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laepublit of tbt
J;upreme QCourt
Plaintiff -Appellee,
G.R. No. 199210
- versus -
This is an appeal from a Decision
dated March 18, 2011 of the Court
of Appeals in CA-G.R. CR.-H.C. No. 04019, entitled People of the
Philippines v. Ricardo M Vidana, which affirmed the Decision
dated June
26, 2009 ofthe Regional Trial Court (RTC) ofGuimba, Nueva Ecija, Branch
33 in Criminal Case No. The trial court convicted appellant
Ricardo M. Vidafia of one (1) count of rape in relation to Republic Act No.
7610, otherwise known as the "Special Protection of Children Against
Abuse, E}(ploitation and Discrimination Act."
The accusatory portion of the lnformation
dated February 6, 2004 for
rape in relation to Republic Act No. 7 61 0 reads as follows:
That on or about the 16
h day of September 2003, at x x x, Province
of Nueva Ecija, Republic of the Philippines and within the jurisdiction of
this Honorable Court, the above-named accused with lewd designs and
Rollo, pp. 2-9; penned by Associate Justice Samuel H. Gaerlan with Associate Justices Hakim S.
Abdulwahid and Ricardo R. Rosario, concurring.
CA rolla, pp. 49-53.
Records, p. I.
DECISION 2 G.R. No. 199210

intent to have carnal knowledge of [AAA
], his own daughter, a minor, 15
years old, and while using his influence as a father, over said minor, did
then and there wilfully, unlawfully and feloniously have carnal knowledge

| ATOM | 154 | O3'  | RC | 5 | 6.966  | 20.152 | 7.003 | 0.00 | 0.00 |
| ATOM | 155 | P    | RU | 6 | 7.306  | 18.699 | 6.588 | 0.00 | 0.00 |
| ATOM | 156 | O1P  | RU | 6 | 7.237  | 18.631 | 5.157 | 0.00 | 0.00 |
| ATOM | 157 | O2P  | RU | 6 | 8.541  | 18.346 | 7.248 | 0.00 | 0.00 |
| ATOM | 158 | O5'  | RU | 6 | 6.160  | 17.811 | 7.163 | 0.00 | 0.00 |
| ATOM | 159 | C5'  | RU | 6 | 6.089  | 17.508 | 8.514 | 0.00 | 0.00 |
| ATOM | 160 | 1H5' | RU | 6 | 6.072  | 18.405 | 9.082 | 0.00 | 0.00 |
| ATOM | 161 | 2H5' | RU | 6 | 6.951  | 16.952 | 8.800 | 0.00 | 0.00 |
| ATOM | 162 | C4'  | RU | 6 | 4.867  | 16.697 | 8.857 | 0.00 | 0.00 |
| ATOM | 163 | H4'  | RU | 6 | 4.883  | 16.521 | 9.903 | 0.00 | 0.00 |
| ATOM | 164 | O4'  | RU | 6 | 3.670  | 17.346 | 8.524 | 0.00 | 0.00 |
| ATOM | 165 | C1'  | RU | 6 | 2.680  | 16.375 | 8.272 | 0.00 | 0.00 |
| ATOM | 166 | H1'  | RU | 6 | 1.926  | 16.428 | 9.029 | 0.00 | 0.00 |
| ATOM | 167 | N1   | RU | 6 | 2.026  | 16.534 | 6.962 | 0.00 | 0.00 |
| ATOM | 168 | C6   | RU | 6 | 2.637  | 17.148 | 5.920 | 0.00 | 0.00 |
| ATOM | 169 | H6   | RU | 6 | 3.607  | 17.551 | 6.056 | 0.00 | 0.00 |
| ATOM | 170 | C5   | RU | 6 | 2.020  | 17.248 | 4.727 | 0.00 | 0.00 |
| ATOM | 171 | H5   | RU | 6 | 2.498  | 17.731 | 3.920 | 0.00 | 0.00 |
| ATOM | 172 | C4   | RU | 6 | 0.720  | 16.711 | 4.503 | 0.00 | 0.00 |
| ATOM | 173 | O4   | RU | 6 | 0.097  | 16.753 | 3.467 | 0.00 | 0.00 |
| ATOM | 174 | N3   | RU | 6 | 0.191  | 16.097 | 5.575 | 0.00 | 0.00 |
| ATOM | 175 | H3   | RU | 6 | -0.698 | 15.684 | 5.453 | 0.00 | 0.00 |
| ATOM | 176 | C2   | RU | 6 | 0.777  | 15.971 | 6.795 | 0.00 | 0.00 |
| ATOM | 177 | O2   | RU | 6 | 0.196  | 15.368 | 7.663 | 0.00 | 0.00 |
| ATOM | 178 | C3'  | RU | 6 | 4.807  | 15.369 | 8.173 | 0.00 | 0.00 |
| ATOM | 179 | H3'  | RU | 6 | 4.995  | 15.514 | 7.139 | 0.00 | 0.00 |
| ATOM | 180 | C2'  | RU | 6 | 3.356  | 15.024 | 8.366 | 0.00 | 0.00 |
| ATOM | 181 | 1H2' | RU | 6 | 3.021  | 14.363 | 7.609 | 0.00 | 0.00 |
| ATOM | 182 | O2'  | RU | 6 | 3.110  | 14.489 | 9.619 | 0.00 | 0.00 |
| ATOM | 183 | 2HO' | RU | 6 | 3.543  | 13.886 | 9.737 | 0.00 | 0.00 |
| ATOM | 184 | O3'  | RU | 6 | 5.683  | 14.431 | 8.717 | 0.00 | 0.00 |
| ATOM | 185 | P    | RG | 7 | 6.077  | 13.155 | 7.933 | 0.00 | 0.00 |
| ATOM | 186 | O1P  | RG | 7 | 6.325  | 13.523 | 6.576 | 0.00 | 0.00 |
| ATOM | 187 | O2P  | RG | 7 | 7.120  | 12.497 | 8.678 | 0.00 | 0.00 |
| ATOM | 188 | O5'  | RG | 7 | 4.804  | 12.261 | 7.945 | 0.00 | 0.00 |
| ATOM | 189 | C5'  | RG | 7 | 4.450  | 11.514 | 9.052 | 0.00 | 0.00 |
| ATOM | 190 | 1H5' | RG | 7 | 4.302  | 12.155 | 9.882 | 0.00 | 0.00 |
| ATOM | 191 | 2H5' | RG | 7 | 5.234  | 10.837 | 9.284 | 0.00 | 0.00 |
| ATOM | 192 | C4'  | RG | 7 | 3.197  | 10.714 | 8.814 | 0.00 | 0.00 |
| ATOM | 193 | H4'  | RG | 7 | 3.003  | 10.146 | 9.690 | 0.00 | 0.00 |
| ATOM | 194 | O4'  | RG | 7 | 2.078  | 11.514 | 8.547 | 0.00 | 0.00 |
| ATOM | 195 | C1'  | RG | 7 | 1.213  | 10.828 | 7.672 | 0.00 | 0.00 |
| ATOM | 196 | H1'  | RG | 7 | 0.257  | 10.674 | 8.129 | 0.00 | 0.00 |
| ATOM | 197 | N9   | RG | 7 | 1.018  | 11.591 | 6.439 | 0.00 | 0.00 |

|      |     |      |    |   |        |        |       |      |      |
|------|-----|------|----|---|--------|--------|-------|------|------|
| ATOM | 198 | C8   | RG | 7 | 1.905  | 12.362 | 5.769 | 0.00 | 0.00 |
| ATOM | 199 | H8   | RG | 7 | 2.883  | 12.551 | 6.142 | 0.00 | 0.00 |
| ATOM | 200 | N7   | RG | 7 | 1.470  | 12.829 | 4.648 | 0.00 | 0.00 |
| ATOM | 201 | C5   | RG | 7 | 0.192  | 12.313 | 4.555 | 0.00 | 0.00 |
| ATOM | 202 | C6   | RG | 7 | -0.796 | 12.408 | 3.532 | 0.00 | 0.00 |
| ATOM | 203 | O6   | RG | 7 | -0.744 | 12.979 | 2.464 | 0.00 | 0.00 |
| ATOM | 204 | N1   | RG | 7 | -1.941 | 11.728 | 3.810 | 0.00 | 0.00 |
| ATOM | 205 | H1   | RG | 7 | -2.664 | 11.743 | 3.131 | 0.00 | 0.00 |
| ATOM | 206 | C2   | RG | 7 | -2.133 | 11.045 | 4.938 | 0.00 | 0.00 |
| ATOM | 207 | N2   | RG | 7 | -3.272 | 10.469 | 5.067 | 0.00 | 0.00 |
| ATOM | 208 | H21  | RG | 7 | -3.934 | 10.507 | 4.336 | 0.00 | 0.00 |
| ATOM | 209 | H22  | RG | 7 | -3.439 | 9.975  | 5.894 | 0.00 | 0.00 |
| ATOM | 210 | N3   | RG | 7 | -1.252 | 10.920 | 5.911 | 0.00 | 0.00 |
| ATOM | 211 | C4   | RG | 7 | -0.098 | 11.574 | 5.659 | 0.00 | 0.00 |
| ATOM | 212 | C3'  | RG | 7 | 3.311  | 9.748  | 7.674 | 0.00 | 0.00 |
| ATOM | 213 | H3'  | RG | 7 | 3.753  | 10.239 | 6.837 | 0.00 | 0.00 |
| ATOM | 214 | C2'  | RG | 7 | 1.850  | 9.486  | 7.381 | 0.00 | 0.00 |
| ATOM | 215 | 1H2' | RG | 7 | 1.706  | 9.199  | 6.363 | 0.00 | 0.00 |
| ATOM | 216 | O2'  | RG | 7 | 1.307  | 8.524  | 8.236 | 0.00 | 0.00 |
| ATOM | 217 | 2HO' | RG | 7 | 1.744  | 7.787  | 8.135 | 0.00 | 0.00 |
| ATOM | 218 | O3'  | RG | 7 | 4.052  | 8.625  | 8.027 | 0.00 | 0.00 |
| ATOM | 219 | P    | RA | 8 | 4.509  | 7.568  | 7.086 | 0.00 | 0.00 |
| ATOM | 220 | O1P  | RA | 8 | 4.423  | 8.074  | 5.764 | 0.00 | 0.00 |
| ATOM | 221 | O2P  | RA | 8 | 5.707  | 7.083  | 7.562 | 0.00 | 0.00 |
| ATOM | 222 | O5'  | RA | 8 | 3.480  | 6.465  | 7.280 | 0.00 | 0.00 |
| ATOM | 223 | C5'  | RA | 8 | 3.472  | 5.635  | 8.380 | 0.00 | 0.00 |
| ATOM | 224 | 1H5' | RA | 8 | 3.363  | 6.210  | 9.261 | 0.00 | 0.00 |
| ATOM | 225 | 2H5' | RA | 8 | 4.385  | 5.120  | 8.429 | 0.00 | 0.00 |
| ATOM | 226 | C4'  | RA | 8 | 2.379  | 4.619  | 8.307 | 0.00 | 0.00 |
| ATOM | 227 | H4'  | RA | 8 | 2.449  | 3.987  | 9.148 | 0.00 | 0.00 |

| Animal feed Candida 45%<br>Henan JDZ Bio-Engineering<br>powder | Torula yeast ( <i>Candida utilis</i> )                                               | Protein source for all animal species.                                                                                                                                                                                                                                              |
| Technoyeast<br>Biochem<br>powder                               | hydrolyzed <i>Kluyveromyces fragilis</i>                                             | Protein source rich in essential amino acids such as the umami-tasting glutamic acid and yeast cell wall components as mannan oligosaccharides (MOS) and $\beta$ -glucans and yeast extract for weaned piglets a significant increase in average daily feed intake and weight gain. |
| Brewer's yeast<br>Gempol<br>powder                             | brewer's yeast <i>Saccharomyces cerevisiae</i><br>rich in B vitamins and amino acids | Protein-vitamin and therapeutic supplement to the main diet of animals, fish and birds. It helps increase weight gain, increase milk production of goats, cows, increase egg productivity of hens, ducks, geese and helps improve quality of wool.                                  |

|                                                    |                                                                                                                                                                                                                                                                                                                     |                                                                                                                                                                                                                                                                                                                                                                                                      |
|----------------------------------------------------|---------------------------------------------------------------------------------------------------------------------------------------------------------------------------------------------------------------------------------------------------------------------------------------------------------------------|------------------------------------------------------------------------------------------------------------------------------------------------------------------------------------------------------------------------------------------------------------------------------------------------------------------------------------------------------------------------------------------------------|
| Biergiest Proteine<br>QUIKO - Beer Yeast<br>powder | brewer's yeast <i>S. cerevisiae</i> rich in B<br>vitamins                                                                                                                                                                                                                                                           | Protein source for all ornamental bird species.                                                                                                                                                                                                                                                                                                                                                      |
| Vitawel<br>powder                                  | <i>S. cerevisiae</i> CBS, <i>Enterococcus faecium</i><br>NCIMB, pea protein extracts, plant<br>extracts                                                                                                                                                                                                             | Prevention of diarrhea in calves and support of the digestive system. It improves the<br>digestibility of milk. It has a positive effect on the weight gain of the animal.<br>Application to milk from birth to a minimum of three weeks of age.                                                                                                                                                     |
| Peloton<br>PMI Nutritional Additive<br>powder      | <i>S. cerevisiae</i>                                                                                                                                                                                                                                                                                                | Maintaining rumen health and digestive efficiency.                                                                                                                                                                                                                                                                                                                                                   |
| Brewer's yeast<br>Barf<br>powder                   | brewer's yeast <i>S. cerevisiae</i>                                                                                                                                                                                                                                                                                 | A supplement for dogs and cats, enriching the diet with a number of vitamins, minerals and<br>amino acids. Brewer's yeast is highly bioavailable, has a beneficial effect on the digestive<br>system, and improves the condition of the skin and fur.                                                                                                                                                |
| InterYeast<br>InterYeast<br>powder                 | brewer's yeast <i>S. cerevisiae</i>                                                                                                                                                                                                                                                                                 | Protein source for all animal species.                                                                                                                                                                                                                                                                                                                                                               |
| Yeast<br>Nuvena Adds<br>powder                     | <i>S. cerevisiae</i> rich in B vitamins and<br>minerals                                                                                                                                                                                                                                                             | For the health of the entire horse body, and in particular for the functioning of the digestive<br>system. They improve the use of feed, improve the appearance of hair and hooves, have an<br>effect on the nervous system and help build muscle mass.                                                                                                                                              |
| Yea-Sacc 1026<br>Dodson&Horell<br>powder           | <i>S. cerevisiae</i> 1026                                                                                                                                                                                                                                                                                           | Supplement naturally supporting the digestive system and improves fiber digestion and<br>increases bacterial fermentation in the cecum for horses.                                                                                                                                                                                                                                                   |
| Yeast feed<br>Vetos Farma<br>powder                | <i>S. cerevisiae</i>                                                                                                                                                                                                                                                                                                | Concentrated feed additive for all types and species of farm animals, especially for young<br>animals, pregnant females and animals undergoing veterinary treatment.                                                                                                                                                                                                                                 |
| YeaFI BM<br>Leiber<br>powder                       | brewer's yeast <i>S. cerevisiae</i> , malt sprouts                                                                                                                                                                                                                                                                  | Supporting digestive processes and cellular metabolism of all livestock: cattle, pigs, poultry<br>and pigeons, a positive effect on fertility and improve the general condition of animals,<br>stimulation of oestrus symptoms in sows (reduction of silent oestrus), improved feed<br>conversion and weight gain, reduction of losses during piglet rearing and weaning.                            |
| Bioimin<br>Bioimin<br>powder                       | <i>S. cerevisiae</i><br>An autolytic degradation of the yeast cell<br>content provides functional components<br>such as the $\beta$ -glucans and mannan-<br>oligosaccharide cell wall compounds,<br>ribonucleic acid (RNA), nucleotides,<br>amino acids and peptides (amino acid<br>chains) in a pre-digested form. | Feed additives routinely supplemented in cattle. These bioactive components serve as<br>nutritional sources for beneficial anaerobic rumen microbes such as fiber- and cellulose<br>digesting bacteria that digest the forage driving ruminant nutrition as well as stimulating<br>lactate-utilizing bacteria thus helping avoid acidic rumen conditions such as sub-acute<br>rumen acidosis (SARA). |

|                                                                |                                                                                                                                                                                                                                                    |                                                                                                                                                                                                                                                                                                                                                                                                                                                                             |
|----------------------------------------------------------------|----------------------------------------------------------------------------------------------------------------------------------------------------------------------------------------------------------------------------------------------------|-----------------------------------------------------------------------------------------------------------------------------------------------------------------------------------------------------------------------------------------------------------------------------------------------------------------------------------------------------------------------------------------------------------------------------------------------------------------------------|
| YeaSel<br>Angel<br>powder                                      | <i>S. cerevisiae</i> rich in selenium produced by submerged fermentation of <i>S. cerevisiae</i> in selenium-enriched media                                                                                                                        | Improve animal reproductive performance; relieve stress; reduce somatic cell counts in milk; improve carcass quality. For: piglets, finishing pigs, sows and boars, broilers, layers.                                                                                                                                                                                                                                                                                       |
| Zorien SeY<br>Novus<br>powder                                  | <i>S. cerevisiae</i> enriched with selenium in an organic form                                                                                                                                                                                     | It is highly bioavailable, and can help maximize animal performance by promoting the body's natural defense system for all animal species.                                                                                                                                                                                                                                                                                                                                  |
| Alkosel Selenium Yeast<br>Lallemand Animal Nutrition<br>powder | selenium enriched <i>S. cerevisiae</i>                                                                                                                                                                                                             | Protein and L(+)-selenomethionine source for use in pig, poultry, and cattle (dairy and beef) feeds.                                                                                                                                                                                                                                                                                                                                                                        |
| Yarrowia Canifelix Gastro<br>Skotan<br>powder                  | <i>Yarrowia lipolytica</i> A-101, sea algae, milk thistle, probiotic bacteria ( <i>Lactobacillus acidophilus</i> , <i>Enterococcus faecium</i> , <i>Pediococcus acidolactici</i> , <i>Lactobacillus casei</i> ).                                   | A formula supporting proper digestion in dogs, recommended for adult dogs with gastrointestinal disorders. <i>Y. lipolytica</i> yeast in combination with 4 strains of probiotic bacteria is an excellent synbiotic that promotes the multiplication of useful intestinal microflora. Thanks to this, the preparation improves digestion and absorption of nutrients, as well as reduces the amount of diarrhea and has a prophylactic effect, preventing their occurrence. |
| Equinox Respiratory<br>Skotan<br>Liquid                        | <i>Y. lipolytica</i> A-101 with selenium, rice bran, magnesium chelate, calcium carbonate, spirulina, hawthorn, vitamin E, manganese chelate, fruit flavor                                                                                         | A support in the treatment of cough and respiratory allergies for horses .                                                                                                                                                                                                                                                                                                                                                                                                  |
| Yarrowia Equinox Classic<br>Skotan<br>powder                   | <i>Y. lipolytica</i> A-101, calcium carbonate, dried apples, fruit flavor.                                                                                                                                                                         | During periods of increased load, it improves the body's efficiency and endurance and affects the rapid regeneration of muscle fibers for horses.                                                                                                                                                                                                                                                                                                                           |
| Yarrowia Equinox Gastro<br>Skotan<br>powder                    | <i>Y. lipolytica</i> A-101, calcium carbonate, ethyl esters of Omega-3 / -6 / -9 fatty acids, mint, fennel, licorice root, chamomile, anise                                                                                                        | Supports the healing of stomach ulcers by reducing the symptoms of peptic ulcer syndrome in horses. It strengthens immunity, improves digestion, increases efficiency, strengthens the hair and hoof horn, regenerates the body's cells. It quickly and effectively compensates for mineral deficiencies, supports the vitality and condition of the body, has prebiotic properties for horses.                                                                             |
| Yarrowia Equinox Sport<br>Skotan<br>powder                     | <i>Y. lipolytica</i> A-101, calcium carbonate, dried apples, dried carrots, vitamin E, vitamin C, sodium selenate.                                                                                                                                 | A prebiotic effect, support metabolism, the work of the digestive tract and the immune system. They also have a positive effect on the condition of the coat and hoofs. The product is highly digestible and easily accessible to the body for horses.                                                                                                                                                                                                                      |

of and sexual intercourse with said minor against her will and consent, to
her damage and prejudice.

After more than a year of being at large since the issuance on
September 1, 2004 of the warrant for his arrest,
appellant was finally
arrested and subsequently arraigned on J anuary 30, 2006 wherein he pleaded
NOT GUILTY to the charge of rape.

The prosecutions version of the events that transpired in this case was
narrated in the Plaintiff-Appellees Brief in this manner:

[Appellant] and wife [BBB] were separated in 1998. They have
four (4) children namely: [AAA], [CCC], [DDD] and [EEE]. In 1999,
[appellant] began living in with a certain Irene Valoria, his common-law
wife, who became the aforementioned childrens stepmother. They were
staying in a one-bedroom house owned by a certain Edgar Magsakay at
Sta. Maria, Licab, Nueva Ecija. At night, [appellant] and his common-law
wife sleep in the sala while the children occupy the bedroom. [AAA] is
the eldest of the brood and was 15 years old in the year 2003, having been
born on 13 J une 1988.

Around midnight of 16 September 2003, [appellant] was alone at
the sala and the children were asleep inside the bedroom. [AAA] suddenly
was jolted from her sleep when somebody pulled her out of the bed and
brought her to the sala. She later recognized the person as her father,
herein [appellant], who covered her mouth and told her not to make any
noise. At the sala, [appellant] forcibly removed [AAA]s short pants, t-
shirt, bra and panty. As she lay naked, [appellant] inserted his penis into
[AAA]s vagina. [AAA]s ordeal lasted for about five (5) minutes and all
the while she felt an immense pain. [Appellant] tried to touch [AAA]s
other private parts but she resisted. During the consummation of
[appellant]s lust upon his daughter, he warned her not to tell anybody or
else he will kill her and her siblings.

The next day, [AAA] went to the house of Francisco and Zenny